The bad boys of NASCAR are coming to California this weekend at the Auto Club 400 in Fontana. No, not Benny Parsons (sadly no longer with us) nor Junior Johnson (living in comfortable retirement in the south), but people like Tony Stewart, Brad Keselowski, Carl Edwards, Kevin Harvick, and others.
Why bad? Well, if you had to ask, that means that you
weren’t at Autoclub Speedway last year for the NASCAR race, which produced a
nasty wreck in the last corner as the laps wound to zero and a fight in the
pits after. That wreck put Denny Hamlin out for a good part of the season, and
it prompted Stewart to go after Keselowski and slap at him. Not quite a fight,
but there was some bad language used, too, which if you were there for the
exciting action, you observed on TV later on. Such is the cost of being an
Nobody can promise that kind of action this weekend, but
there are three features that might make it worth your while turning up in
Fontana on any of the three days of action—Friday through Sunday. Qualifying,
for one, has changed from years past. Instead of their being a one-lap shootout
with each car going out on its own, they’ve adopted a CART-style format, where
multiple cars are on track at once and times count from the start of the
session to the end. The slower cars are gradually eliminated over three rounds
of 25, then 10, then 5 minutes, with only the fastest of the cars advancing
through from one round to the next.
There are also breaks between rounds of five minutes,
allowing teams to make whatever adjustments they can squeeze in over that time.
And if you know anything about NASCAR and the swiftness with which these guys
can adjust on these cars, you can imagine that they could do a heck of a lot to
alter the driving conditions of the cars in that 300 seconds.
Well, that’s actually a little optimistic. In fact, the
following are the changes allowed: to wedge, the track bar, use of tape for
aerodynamic purposes, and tire pressure. Only one set of tires is allowed
through the whole of the three rounds, should a car make it through all three.But
think about it—25 minutes to go in and out, adjust on the car, measure what the
other drivers are doing, avoid traffic, dodge the slower guys, and try to make
it work to advance. Not bad, and that’s going to happen later in the afternoon
A second reason you might consider making the pilgrimage
to Fontucky this weekend is that the cars themselves have been given a little
more freedom in what they can drive like, in the form of a no-ride-height green
light. That means, as drivers have been saying, that the cars can be right down
on the track. Now, one thing this does is makes it more obvious than before
that this is not really “stock” car racing at all. The illusion fostered by
body shape and stickers is more or less completely broken when you see the car
stuck right down to the asphalt. But the increase in handling and the ability
to adjust much more and more creatively make for an anything-goes atmosphere.
That may, however, lessen as the year goes on and more
engineers figure out the best way to capitalize. For now, though, it’s
smartest-guy-first, and that could do some crazy things for results.
Finally, you might find it worth your while to turn up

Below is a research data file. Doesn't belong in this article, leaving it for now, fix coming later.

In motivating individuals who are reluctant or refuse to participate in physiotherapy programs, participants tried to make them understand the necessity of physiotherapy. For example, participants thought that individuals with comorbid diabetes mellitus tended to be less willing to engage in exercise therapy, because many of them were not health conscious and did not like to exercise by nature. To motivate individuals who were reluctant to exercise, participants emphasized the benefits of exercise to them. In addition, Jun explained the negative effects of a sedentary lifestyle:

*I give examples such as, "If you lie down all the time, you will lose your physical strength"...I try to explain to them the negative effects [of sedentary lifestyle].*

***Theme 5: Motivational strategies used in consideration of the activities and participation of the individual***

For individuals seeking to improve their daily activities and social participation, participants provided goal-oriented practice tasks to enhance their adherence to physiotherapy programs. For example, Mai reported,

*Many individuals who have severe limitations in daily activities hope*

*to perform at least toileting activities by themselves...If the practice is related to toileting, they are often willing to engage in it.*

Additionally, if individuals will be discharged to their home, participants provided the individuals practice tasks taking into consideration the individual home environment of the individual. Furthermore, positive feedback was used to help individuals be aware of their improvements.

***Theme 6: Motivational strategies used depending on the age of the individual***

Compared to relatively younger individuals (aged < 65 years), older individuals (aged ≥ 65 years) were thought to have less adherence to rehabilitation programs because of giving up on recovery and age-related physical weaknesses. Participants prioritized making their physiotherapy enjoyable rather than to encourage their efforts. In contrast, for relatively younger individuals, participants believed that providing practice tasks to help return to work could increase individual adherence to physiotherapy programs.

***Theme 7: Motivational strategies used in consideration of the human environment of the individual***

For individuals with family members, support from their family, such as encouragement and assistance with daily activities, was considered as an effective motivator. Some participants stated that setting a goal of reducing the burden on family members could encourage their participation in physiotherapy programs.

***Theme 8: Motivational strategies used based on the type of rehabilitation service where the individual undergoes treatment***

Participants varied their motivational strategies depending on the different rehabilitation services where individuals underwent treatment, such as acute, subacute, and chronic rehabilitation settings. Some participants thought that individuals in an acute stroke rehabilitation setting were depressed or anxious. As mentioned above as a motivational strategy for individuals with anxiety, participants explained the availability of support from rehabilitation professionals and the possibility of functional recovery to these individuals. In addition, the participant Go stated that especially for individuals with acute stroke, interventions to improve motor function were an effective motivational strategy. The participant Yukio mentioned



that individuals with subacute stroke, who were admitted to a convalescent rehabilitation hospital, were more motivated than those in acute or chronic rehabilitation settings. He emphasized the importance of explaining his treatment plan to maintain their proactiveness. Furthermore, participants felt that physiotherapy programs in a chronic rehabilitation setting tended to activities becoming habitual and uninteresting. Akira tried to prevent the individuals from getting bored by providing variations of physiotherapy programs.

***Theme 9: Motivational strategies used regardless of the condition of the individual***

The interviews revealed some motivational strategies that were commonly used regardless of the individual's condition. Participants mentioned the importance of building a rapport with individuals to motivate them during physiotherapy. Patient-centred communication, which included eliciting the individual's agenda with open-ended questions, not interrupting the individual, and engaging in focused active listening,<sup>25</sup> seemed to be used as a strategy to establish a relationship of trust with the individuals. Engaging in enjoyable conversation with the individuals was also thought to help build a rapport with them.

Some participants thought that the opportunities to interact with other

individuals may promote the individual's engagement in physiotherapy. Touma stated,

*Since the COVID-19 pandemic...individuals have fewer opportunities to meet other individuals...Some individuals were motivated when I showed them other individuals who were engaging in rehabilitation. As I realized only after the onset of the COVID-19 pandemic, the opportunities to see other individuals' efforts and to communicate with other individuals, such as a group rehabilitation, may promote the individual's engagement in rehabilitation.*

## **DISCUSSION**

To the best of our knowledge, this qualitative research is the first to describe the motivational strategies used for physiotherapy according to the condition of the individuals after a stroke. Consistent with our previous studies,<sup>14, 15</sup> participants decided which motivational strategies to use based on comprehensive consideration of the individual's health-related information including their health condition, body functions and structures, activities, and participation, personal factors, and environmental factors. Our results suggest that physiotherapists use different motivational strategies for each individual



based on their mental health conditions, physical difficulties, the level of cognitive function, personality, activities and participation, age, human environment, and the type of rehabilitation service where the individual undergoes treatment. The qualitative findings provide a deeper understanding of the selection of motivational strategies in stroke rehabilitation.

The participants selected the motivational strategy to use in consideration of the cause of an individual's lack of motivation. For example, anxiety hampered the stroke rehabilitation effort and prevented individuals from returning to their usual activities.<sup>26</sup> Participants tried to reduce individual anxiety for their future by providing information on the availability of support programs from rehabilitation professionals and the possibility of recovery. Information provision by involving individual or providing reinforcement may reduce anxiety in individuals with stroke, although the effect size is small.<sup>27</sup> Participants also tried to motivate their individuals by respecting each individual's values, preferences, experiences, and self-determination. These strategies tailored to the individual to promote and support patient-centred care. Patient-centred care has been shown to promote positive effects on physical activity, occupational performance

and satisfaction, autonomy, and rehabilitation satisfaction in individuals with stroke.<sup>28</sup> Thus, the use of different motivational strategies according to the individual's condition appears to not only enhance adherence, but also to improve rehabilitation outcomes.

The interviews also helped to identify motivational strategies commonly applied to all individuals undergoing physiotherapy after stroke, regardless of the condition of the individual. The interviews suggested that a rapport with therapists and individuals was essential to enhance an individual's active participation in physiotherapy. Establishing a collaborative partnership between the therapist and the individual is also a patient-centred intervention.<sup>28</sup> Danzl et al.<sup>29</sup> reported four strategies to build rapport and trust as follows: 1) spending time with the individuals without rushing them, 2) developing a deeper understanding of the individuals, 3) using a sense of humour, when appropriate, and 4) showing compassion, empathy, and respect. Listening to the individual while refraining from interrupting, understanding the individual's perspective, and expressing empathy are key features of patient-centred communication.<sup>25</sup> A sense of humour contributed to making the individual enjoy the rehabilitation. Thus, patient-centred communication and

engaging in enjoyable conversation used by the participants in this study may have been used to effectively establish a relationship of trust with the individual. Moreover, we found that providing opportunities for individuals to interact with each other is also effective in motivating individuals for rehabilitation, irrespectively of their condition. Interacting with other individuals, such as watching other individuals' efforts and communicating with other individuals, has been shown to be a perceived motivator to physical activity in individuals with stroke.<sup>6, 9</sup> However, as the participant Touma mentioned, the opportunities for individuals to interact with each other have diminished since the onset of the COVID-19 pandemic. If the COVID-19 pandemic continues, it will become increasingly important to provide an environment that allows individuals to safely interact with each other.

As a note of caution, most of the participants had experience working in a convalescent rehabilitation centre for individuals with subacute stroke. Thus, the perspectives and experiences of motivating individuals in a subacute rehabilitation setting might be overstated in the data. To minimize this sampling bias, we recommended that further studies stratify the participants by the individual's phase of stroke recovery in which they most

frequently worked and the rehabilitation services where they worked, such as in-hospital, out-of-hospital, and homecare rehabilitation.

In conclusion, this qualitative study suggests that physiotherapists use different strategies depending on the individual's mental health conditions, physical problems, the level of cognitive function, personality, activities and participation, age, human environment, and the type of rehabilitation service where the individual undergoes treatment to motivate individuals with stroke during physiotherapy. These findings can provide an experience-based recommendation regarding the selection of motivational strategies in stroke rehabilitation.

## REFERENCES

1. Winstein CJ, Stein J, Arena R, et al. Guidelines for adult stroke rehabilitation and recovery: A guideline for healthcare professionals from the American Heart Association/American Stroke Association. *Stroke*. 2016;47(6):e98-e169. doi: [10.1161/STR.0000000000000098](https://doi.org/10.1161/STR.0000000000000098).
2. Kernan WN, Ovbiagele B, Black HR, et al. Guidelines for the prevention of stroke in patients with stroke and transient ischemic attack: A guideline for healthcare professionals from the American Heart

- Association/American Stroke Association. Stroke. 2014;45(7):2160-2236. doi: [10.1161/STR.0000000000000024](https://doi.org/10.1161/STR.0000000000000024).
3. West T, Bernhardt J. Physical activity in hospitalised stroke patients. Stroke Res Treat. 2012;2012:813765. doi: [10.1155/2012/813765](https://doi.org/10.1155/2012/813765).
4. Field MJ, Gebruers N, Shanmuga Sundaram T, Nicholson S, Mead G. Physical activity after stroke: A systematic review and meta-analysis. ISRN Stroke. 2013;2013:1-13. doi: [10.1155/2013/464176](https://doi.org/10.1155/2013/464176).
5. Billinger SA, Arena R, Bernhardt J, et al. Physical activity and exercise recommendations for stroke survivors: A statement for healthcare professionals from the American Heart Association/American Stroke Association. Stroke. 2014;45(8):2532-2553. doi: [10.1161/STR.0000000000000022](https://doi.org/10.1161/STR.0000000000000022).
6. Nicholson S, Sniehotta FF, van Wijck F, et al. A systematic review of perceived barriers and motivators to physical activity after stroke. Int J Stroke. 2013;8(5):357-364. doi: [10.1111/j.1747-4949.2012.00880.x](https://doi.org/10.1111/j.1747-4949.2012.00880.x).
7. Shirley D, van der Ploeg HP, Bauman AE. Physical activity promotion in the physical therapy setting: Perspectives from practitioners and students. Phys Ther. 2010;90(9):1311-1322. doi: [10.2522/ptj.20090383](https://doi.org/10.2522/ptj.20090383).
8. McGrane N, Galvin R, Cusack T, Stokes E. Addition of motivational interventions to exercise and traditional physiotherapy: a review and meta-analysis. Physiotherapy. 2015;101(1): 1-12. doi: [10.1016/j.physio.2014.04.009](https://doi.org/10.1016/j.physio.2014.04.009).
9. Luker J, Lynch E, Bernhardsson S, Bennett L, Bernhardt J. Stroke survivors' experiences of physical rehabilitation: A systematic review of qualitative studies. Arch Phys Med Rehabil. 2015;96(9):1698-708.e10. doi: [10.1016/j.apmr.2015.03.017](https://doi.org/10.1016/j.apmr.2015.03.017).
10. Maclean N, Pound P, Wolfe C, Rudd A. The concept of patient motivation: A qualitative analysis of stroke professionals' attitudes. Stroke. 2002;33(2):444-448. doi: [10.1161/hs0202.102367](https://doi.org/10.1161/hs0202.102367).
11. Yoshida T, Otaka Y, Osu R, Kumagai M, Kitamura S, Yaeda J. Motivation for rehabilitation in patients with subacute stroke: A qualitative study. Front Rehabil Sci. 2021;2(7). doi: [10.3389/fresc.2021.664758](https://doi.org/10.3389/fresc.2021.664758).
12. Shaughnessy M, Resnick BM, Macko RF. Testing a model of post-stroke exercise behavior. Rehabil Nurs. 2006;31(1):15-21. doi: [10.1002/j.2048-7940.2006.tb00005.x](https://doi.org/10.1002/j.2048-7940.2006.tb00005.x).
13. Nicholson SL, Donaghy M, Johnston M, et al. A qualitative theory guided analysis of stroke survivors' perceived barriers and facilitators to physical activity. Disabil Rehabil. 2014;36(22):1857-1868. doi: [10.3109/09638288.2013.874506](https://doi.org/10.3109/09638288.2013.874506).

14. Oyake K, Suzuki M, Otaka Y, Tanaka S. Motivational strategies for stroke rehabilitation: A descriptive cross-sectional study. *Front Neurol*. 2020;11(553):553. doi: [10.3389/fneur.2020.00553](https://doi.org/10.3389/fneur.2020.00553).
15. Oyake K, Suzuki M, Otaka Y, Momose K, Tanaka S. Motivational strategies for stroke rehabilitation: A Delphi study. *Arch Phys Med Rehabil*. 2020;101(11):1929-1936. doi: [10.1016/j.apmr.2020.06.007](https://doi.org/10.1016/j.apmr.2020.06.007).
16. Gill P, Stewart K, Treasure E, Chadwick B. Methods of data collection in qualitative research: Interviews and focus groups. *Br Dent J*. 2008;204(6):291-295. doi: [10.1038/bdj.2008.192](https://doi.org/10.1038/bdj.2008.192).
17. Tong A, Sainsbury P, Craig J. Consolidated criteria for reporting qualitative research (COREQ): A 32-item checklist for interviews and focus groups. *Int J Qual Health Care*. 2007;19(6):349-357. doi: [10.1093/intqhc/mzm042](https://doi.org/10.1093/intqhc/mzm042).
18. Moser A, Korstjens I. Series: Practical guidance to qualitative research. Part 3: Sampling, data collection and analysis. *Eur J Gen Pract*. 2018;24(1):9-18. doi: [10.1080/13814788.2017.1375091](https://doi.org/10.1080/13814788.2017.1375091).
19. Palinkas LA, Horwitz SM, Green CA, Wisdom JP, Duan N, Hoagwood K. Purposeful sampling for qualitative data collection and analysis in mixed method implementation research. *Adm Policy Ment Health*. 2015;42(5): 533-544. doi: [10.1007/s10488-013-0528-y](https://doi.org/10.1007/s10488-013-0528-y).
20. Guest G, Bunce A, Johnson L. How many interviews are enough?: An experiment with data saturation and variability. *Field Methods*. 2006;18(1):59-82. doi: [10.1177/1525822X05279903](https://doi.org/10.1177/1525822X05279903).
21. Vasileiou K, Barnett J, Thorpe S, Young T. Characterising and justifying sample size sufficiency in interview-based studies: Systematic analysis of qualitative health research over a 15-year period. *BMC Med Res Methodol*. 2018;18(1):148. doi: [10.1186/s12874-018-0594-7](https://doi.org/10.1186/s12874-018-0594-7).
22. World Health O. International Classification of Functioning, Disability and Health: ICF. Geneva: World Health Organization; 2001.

for the racing Sunday because this year, the chase format has been, as the
young might say “majorly tweaked,” such that essentially any driver who wins
one race will make the “playoffs.” What happens then is a knockout format
somewhat reminiscent of qualifying, but that’s not the point here. What is,is
that the drivers are going a bit crazy to win because of the fact that it
totally relieves them of pressure for the rest of the year. Not that they’re
not trying after that. In fact, winning once lets those drivers take any kinds
of risks they want to in the races to follow.
That means that this year’s winners to date—Earnhardt, Harvick,
Keselowski, and Edwards—have a pretty good shot, some would say a sure thing,
to make the dust-offs in the fall, the last ten races of the year, and that
they can go insane on the two miles of California.
There is, however, a caveat to that. If 26 different
drivers win over the course of the pre-chase races, then it’s not going to be
26 in the chase. In fact, then, winning more than once will be the key, as Carl
Edwards stated after he won in Bristol last weekend. So that’s even more
incentive for those who have won to win again, and once a few have won twice or
more, they further shut out others.
A little note to this point must be made—it’s just not
that likely that 26 people will win. Nor even 20, if the history of the sport
is any indication. That would mean that far too many good drivers would not win
twice, which is statistically improbable. The chase, by the way, has 16 spots,
so the assumption is that there won’t be more than 16 different winners. If
there are, then some pretty unlikely teams are going to be kissing Miss Sprint
Cup, or whatever she’s called nowadays.
So what looked like kind of a dumb idea at the start of the season—the chase as they’ve redefined it—is already, proving once again that anything NASCAR does, they’ve probably figured out the value of long before it is introduced to you and me. And that’s why, in short, if you’ve got any interest in motor racing, you might want to turn up to watch what happens this next three days.
If that’s not enough of a convincer, then the first time you hear more than thirty thousand collective horsepower roaring by you into turn one, you’ll be thanking golly goodness that you spent whatever it is they’re charging for a ticket.